• Inter vivos trust: This is created during your lifetime, and assets can be transferred into the trust. This is usually done via a loan account or donation.
  • Testamentary trust: This is a trust that is stipulated in your will and only comes into effect on your death. At this point the assets would be transferred into the trust. This is mostly used by parents with minor children.

Lochner says a testamentary trust is for shorter-term needs and would not typically be used where there are longer-term goals like inter-generational wealth creation. The trust’s terms and conditions sit in the will and cannot be changed once the founder dies.

However, an inter vivos trust is a “living trust” and the trust deed can be altered when appropriate, such as when tax laws change, provided the trust deed makes provision for it.

Disadvantages of a trust

Once you transfer assets into a trust you lose ownership and largely control over that asset, explains Mariska Redelinghuys, Legal Specialist: Advice, PSG Wealth.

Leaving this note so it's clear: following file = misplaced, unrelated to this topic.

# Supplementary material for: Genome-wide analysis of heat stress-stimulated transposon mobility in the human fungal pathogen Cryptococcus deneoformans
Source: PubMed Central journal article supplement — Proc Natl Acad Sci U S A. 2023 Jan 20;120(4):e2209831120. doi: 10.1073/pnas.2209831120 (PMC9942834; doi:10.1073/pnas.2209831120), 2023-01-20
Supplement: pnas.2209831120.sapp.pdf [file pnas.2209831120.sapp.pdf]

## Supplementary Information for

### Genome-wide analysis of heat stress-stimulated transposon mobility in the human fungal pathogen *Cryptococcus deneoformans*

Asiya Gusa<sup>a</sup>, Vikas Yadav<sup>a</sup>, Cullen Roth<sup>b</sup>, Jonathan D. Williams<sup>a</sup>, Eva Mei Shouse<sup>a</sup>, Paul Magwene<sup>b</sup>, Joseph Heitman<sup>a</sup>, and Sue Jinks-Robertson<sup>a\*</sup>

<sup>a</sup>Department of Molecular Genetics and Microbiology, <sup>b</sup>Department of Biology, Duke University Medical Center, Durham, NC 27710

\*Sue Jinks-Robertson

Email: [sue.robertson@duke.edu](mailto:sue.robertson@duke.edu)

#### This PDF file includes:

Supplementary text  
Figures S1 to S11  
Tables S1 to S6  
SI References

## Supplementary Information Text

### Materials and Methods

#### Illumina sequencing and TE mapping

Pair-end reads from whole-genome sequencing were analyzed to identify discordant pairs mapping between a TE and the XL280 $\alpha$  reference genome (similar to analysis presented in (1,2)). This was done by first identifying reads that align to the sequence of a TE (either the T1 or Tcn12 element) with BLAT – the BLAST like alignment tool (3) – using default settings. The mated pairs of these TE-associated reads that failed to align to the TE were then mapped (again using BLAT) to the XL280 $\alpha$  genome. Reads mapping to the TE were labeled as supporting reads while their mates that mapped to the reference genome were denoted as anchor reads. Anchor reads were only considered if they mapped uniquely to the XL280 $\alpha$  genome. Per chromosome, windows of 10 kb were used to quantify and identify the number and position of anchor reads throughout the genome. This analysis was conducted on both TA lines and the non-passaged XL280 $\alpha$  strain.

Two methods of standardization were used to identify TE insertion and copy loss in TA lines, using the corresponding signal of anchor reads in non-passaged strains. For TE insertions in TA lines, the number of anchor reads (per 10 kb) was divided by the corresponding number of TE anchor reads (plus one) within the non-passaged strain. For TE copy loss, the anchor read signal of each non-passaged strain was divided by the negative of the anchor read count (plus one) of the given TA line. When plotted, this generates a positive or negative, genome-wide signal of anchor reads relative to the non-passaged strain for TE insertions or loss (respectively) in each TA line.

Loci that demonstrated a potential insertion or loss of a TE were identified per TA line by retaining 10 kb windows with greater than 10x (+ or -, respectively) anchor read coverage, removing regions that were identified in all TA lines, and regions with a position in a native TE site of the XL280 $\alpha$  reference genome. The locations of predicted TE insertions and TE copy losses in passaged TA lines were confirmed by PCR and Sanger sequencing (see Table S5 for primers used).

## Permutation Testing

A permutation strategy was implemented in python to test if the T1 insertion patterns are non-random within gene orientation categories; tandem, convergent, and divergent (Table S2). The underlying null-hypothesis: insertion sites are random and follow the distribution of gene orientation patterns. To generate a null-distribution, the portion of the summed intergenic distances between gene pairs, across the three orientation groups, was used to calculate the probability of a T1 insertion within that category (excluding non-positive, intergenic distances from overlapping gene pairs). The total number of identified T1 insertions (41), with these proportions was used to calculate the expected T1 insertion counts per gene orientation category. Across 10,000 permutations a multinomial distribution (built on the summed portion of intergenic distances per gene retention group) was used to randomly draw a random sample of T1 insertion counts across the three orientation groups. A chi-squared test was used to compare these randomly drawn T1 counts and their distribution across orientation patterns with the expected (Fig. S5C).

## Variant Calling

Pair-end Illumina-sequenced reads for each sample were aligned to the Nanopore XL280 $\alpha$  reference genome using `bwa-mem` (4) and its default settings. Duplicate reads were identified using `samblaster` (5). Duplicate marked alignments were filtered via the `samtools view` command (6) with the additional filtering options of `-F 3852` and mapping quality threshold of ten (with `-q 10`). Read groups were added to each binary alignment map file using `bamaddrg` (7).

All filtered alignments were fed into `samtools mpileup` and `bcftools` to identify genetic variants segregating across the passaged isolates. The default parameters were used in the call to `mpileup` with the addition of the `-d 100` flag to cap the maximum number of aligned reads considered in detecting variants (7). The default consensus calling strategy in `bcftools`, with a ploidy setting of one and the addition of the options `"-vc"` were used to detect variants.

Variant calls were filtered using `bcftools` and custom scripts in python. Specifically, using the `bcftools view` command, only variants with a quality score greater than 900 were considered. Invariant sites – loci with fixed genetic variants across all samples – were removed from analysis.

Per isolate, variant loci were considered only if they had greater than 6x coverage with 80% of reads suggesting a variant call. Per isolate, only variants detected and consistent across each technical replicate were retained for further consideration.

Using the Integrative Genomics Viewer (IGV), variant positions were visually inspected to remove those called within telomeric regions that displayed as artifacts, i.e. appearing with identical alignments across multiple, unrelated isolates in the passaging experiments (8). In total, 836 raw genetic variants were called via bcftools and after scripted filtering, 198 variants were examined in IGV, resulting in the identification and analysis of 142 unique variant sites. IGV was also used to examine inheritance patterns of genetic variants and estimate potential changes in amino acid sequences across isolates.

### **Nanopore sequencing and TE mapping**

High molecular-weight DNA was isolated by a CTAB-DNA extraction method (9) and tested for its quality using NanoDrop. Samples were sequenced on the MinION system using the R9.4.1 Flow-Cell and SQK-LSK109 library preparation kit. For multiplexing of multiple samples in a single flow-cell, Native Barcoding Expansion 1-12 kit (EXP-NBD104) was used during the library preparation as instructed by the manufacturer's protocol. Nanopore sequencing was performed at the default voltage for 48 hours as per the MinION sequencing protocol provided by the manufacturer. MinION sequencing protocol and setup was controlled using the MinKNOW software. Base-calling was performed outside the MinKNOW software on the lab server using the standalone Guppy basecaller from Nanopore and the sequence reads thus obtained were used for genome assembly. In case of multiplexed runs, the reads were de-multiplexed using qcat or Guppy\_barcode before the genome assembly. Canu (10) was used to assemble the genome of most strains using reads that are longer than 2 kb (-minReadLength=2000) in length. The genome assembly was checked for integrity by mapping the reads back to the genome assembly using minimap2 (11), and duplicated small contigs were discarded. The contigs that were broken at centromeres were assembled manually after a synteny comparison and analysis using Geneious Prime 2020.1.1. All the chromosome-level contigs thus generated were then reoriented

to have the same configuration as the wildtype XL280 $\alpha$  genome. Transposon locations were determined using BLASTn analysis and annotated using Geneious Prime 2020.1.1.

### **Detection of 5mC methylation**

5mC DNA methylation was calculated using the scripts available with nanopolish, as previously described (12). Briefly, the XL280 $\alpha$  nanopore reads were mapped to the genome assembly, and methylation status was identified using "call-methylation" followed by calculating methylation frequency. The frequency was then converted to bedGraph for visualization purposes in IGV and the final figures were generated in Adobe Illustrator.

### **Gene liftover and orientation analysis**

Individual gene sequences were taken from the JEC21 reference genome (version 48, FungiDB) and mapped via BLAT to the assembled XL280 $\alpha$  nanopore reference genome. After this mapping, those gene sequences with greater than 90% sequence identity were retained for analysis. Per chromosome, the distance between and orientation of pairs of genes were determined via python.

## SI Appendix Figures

“It becomes in essence the property of trustees,” says Redelinghuys who explains that the Masters Office now requires that if all trustees are related to each other, an independent trustee must be appointed. This must be someone who is not family and understands the job and responsibilities of a trustee and can assist the family on discharging duties.

Due to increased regulation, trusts have become more expensive to administer, as trustees carry the risk and responsibility of the assets they administer on behalf of the trustees. For example, failure to maintain a register of beneficial ownership could result in a fine of up to R10 million or imprisonment for a maximum of five years.